At the end of this post there is a link to this survey. Please help me more deeply consider the question of classroom management by completing and sharing the survey!
A few months ago, I was tagged in a tweet asking whether I knew of any good resources for classroom management in the museum setting. More recently, a colleague started an on-line conversation asking for classroom management strategies. And, although I can’t put my hands on other similar tweets and posts, I am certain that I have seen this question many times recently.
Museum educators are concerned about management strategies because it is very difficult to teach a group of children in the galleries when they are not following a shared and accepted code of behavior. It is hard to facilitate a large group discussion if children do not listen to each other, which often involves being quiet for most of the time and raising their hands before sharing their ideas. It is difficult to efficiently move from one gallery to another if children wander off.
It concerns me – and I suspect others have noted this, as well – that museum educators often resort to the phrase and model of “classroom management.” This implies that we are using classroom behavior as a model for gallery behavior. On one level, this makes sense: A class of school children presumably knows a shared set of rules, and it is easier to enforce these rules in a new educational setting than to create and teach new rules. But there are a number of reasons that this approach may be misguided:
1.The contributors to Museum Questions have noted over and over that the value of the museum experience for school groups is that it is different from the school setting. To cite just one of these contributors, Brian Hogarth wrote, “What I hope is emerging is the idea that museums are not extensions of the classroom, but rather engender exactly the kind of learning that we believe students should engage in.” In order to rethink museums as spaces apart and different from the classroom, we may need to rethink the behavior we expect and encourage in school groups.
2. The need for “classroom management” may indicate a program design problem. Kylie Peppler, a professor of Learning Sciences, claimed that management problems on a class visit are “an indicator that something is not working in the tour. Something is not high quality in that environment. In a high quality environment the teacher reports a sense of Zen.” If children on a group tour are acting in a way that makes learning challenging, is it possible that the learning experience is structured in a less-than-ideal way? Instead of relying on classroom learning strategies, are there alternate ways we can engage children?
3. Ongoing concern about classroom management reflects a set of long-held, and possibly faulty, assumptions about museum and classroom behavior. Do we want children to raise their hands because this makes conversation possible, or because it is part of our own familiar and respectful code of behavior? Do we want children to walk from point A to point B without stopping to look and talk because point B is so worthwhile, or because of an ingrained and unquestioned assumption about how museum tours should be structured? In the article “Intentional Civility,” Elaine Heumann Gurian questions our beliefs about how people should act in museums. She writes, “it is past time for public institutions… to intentionally review the many assumptions they have made about the people they interact with, [and] how those assumptions have been translated into action.” Gurian is speaking about the general visitor, not school groups; she notes that assumptions about visitor behavior reflect “a model from a former time, when good manners were assumed to be part of the upper class armamentarium to which the rest of society either already aspired, or ought to. Museums, in this formulation, are gracious places and should not be inclusive of such behaviors found in a diversified culture that might undermine their elevating effect.” The article is a call for museums to consider the intent of behavioral rules and assumptions, and to allow these to guide a reconsideration of the behavior we encourage among both staff and visitors.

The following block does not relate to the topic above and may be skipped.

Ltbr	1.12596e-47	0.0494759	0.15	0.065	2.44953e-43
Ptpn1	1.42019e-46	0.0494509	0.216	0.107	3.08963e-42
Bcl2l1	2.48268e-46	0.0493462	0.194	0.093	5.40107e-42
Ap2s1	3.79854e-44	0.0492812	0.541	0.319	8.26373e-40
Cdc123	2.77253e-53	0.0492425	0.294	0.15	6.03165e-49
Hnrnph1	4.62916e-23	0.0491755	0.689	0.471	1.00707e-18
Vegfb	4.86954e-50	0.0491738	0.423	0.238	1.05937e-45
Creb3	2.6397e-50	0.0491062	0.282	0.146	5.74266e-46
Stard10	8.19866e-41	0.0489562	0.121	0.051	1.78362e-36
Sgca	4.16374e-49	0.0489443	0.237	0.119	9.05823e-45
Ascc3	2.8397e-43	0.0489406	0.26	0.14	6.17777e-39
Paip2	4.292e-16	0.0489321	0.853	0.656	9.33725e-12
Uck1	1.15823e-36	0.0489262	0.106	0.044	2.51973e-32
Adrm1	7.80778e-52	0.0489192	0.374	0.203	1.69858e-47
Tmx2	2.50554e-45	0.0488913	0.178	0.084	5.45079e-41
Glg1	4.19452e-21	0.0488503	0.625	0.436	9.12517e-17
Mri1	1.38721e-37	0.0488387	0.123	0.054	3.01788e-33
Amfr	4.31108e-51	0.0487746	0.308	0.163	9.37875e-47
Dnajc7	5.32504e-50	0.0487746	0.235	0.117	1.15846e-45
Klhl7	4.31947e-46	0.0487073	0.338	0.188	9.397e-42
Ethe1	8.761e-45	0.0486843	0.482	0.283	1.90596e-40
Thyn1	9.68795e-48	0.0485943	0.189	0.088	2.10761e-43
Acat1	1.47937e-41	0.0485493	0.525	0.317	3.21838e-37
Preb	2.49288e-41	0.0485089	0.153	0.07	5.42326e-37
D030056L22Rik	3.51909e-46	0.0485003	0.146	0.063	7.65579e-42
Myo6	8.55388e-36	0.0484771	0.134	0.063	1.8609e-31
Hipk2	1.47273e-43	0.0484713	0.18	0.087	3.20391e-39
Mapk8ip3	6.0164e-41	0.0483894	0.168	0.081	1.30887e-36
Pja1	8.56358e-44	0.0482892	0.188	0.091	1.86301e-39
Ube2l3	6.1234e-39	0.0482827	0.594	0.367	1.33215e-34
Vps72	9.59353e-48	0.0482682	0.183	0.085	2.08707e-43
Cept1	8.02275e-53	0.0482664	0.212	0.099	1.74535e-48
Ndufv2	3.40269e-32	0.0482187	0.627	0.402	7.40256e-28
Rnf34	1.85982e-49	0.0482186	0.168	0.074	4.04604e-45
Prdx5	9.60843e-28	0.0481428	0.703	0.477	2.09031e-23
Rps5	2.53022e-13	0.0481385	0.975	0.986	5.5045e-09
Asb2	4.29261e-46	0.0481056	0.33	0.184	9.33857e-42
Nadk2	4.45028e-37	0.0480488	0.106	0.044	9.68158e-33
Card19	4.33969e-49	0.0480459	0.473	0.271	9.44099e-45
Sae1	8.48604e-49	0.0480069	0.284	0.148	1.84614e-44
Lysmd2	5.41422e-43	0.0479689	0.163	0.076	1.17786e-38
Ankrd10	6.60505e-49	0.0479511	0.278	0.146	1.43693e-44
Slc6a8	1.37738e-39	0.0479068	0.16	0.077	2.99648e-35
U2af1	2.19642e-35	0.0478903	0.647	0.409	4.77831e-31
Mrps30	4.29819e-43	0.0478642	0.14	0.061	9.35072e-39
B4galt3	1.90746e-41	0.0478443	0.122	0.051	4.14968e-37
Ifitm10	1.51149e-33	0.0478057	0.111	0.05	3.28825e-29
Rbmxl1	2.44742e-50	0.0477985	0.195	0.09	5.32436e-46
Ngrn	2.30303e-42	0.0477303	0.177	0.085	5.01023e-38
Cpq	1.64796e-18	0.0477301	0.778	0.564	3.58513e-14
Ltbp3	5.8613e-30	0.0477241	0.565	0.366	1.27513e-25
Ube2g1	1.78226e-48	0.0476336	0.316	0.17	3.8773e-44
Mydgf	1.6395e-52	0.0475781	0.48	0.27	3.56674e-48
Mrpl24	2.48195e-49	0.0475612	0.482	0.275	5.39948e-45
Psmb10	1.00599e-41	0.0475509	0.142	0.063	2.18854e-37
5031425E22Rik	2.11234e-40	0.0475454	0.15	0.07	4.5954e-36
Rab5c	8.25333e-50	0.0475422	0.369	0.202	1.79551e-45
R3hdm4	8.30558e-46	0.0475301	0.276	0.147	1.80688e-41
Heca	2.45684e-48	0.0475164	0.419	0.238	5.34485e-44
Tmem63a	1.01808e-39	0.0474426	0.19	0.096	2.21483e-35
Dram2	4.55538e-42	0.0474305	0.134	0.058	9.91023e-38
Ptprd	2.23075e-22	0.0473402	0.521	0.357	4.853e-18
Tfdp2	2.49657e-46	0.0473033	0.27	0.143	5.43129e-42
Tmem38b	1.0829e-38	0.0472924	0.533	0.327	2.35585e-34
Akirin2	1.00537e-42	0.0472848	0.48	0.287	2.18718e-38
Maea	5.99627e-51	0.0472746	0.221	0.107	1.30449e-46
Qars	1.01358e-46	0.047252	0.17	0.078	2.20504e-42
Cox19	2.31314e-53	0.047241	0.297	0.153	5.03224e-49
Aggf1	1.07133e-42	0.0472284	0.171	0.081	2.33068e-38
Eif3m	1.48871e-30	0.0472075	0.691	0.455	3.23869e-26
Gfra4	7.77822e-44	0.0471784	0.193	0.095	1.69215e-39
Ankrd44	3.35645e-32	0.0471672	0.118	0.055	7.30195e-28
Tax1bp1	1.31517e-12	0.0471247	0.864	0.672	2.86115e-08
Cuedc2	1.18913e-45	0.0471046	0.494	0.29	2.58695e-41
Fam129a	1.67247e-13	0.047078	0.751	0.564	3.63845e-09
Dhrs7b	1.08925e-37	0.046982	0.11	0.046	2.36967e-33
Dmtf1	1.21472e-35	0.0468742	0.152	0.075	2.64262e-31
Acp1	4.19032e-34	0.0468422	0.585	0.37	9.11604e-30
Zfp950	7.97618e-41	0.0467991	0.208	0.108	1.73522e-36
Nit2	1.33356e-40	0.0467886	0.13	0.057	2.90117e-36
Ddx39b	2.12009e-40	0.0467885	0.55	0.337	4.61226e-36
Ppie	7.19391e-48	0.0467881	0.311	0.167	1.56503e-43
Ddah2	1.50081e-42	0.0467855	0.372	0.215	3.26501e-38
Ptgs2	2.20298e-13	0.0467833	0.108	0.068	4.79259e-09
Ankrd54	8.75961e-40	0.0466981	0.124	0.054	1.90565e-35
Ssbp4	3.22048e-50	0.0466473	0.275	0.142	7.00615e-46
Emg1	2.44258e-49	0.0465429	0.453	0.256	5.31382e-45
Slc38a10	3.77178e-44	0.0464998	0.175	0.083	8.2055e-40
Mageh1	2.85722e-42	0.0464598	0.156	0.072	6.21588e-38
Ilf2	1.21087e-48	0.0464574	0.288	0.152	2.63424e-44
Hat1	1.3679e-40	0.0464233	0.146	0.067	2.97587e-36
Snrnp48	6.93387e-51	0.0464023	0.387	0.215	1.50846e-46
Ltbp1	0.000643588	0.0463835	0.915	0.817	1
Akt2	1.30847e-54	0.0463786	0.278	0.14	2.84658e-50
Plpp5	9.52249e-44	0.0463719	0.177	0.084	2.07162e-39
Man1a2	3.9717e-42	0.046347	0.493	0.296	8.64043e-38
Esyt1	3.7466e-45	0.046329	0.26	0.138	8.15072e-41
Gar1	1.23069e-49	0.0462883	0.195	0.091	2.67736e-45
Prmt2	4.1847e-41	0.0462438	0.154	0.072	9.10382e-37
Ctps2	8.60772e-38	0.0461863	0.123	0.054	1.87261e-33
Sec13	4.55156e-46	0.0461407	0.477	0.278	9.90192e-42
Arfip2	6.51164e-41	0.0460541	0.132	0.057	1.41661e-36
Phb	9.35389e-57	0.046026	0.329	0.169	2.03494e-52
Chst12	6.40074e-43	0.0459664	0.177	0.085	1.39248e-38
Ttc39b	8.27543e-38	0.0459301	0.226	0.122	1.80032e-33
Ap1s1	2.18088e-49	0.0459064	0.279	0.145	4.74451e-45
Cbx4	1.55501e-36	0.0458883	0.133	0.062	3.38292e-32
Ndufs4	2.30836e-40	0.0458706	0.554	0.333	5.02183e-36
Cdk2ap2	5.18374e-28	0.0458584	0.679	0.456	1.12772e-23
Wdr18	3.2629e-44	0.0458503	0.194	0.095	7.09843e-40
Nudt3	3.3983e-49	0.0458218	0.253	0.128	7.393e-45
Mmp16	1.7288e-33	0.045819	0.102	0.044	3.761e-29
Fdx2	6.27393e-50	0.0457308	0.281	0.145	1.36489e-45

Perhaps instead of asking about strategies to manage and encourage a certain set of behaviors, we ought to be asking: What does good behavior look like for school visitors to the museum? Under what conditions do these behaviors occur?
I would like to better understand the context and use of classroom management. Perhaps some of you have figured out program designs that reduce the need for management. Perhaps some of you have great management resources to share. Perhaps there are certain groups that are most difficult, which might reveal more about why and when management is needed. Please help me to learn more by completing this survey. I encourage you to share this survey with other museum educators who work with school groups, including those who lead the tours. If enough of you respond, I will use the responses to create a follow-up post.